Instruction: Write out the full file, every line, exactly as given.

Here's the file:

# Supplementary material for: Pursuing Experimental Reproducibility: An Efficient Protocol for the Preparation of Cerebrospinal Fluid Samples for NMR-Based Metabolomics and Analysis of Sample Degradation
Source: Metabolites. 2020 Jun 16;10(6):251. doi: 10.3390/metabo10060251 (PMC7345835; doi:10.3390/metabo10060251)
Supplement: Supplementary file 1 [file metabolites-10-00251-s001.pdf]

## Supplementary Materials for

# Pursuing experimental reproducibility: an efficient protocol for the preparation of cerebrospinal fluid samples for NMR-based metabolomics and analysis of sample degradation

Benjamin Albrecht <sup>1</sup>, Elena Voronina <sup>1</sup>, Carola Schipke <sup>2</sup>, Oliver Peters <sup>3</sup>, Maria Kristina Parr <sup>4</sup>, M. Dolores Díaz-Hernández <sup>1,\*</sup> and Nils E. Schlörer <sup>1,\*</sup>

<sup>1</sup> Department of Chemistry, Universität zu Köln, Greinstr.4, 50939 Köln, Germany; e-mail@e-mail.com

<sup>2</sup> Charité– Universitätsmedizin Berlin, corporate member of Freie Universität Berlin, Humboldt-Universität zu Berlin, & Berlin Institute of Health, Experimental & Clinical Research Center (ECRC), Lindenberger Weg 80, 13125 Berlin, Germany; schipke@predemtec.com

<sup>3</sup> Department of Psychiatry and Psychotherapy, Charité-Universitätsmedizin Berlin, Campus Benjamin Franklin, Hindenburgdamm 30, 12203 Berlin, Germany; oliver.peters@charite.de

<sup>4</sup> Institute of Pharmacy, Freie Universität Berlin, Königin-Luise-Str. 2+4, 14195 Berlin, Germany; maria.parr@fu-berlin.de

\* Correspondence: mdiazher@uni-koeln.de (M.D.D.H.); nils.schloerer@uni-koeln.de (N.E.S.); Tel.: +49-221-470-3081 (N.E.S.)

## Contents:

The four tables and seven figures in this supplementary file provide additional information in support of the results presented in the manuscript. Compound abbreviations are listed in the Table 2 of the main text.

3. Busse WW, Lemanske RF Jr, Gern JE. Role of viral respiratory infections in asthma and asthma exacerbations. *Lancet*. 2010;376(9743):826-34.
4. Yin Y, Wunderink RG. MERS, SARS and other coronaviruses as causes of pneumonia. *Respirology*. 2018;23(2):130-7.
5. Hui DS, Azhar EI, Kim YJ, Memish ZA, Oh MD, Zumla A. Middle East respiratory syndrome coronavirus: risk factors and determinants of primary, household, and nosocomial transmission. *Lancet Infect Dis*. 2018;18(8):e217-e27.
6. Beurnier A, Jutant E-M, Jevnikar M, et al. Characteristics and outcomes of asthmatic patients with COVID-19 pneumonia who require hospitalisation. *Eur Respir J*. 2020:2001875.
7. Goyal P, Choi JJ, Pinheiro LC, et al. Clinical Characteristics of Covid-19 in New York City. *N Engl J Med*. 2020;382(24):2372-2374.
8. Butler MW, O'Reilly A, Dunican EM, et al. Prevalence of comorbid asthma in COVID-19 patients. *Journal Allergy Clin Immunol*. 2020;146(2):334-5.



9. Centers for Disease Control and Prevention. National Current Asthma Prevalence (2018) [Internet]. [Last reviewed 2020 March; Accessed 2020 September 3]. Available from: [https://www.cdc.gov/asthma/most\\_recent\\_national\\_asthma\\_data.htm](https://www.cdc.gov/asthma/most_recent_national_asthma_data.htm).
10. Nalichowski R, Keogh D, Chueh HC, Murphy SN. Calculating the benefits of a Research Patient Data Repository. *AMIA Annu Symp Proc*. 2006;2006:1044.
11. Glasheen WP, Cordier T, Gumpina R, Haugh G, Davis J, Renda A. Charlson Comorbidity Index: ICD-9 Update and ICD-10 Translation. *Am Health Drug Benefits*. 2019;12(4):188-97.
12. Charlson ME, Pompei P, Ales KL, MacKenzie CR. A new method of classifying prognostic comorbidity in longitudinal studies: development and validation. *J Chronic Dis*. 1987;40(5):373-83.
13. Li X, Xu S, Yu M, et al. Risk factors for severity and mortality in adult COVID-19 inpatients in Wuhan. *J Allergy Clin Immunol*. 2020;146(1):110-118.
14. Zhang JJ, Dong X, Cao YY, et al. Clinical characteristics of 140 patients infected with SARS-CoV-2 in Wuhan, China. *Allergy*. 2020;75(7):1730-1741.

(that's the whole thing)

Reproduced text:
# Supplementary material for: Pursuing Experimental Reproducibility: An Efficient Protocol for the Preparation of Cerebrospinal Fluid Samples for NMR-Based Metabolomics and Analysis of Sample Degradation
Source: Metabolites. 2020 Jun 16;10(6):251. doi: 10.3390/metabo10060251 (PMC7345835; doi:10.3390/metabo10060251)
Supplement: Supplementary file 1 [file metabolites-10-00251-s001.pdf]

## Supplementary Materials for

# Pursuing experimental reproducibility: an efficient protocol for the preparation of cerebrospinal fluid samples for NMR-based metabolomics and analysis of sample degradation

Benjamin Albrecht <sup>1</sup>, Elena Voronina <sup>1</sup>, Carola Schipke <sup>2</sup>, Oliver Peters <sup>3</sup>, Maria Kristina Parr <sup>4</sup>, M. Dolores Díaz-Hernández <sup>1,\*</sup> and Nils E. Schlörer <sup>1,\*</sup>

<sup>1</sup> Department of Chemistry, Universität zu Köln, Greinstr.4, 50939 Köln, Germany; e-mail@e-mail.com

<sup>2</sup> Charité– Universitätsmedizin Berlin, corporate member of Freie Universität Berlin, Humboldt-Universität zu Berlin, & Berlin Institute of Health, Experimental & Clinical Research Center (ECRC), Lindenberger Weg 80, 13125 Berlin, Germany; schipke@predemtec.com

<sup>3</sup> Department of Psychiatry and Psychotherapy, Charité-Universitätsmedizin Berlin, Campus Benjamin Franklin, Hindenburgdamm 30, 12203 Berlin, Germany; oliver.peters@charite.de

<sup>4</sup> Institute of Pharmacy, Freie Universität Berlin, Königin-Luise-Str. 2+4, 14195 Berlin, Germany; maria.parr@fu-berlin.de

\* Correspondence: mdiazher@uni-koeln.de (M.D.D.H.); nils.schloerer@uni-koeln.de (N.E.S.); Tel.: +49-221-470-3081 (N.E.S.)

## Contents:

The four tables and seven figures in this supplementary file provide additional information in support of the results presented in the manuscript. Compound abbreviations are listed in the Table 2 of the main text.

3. Busse WW, Lemanske RF Jr, Gern JE. Role of viral respiratory infections in asthma and asthma exacerbations. *Lancet*. 2010;376(9743):826-34.
4. Yin Y, Wunderink RG. MERS, SARS and other coronaviruses as causes of pneumonia. *Respirology*. 2018;23(2):130-7.
5. Hui DS, Azhar EI, Kim YJ, Memish ZA, Oh MD, Zumla A. Middle East respiratory syndrome coronavirus: risk factors and determinants of primary, household, and nosocomial transmission. *Lancet Infect Dis*. 2018;18(8):e217-e27.
6. Beurnier A, Jutant E-M, Jevnikar M, et al. Characteristics and outcomes of asthmatic patients with COVID-19 pneumonia who require hospitalisation. *Eur Respir J*. 2020:2001875.
7. Goyal P, Choi JJ, Pinheiro LC, et al. Clinical Characteristics of Covid-19 in New York City. *N Engl J Med*. 2020;382(24):2372-2374.
8. Butler MW, O'Reilly A, Dunican EM, et al. Prevalence of comorbid asthma in COVID-19 patients. *Journal Allergy Clin Immunol*. 2020;146(2):334-5.



9. Centers for Disease Control and Prevention. National Current Asthma Prevalence (2018) [Internet]. [Last reviewed 2020 March; Accessed 2020 September 3]. Available from: [https://www.cdc.gov/asthma/most\\_recent\\_national\\_asthma\\_data.htm](https://www.cdc.gov/asthma/most_recent_national_asthma_data.htm).
10. Nalichowski R, Keogh D, Chueh HC, Murphy SN. Calculating the benefits of a Research Patient Data Repository. *AMIA Annu Symp Proc*. 2006;2006:1044.
11. Glasheen WP, Cordier T, Gumpina R, Haugh G, Davis J, Renda A. Charlson Comorbidity Index: ICD-9 Update and ICD-10 Translation. *Am Health Drug Benefits*. 2019;12(4):188-97.
12. Charlson ME, Pompei P, Ales KL, MacKenzie CR. A new method of classifying prognostic comorbidity in longitudinal studies: development and validation. *J Chronic Dis*. 1987;40(5):373-83.
13. Li X, Xu S, Yu M, et al. Risk factors for severity and mortality in adult COVID-19 inpatients in Wuhan. *J Allergy Clin Immunol*. 2020;146(1):110-118.
14. Zhang JJ, Dong X, Cao YY, et al. Clinical characteristics of 140 patients infected with SARS-CoV-2 in Wuhan, China. *Allergy*. 2020;75(7):1730-1741.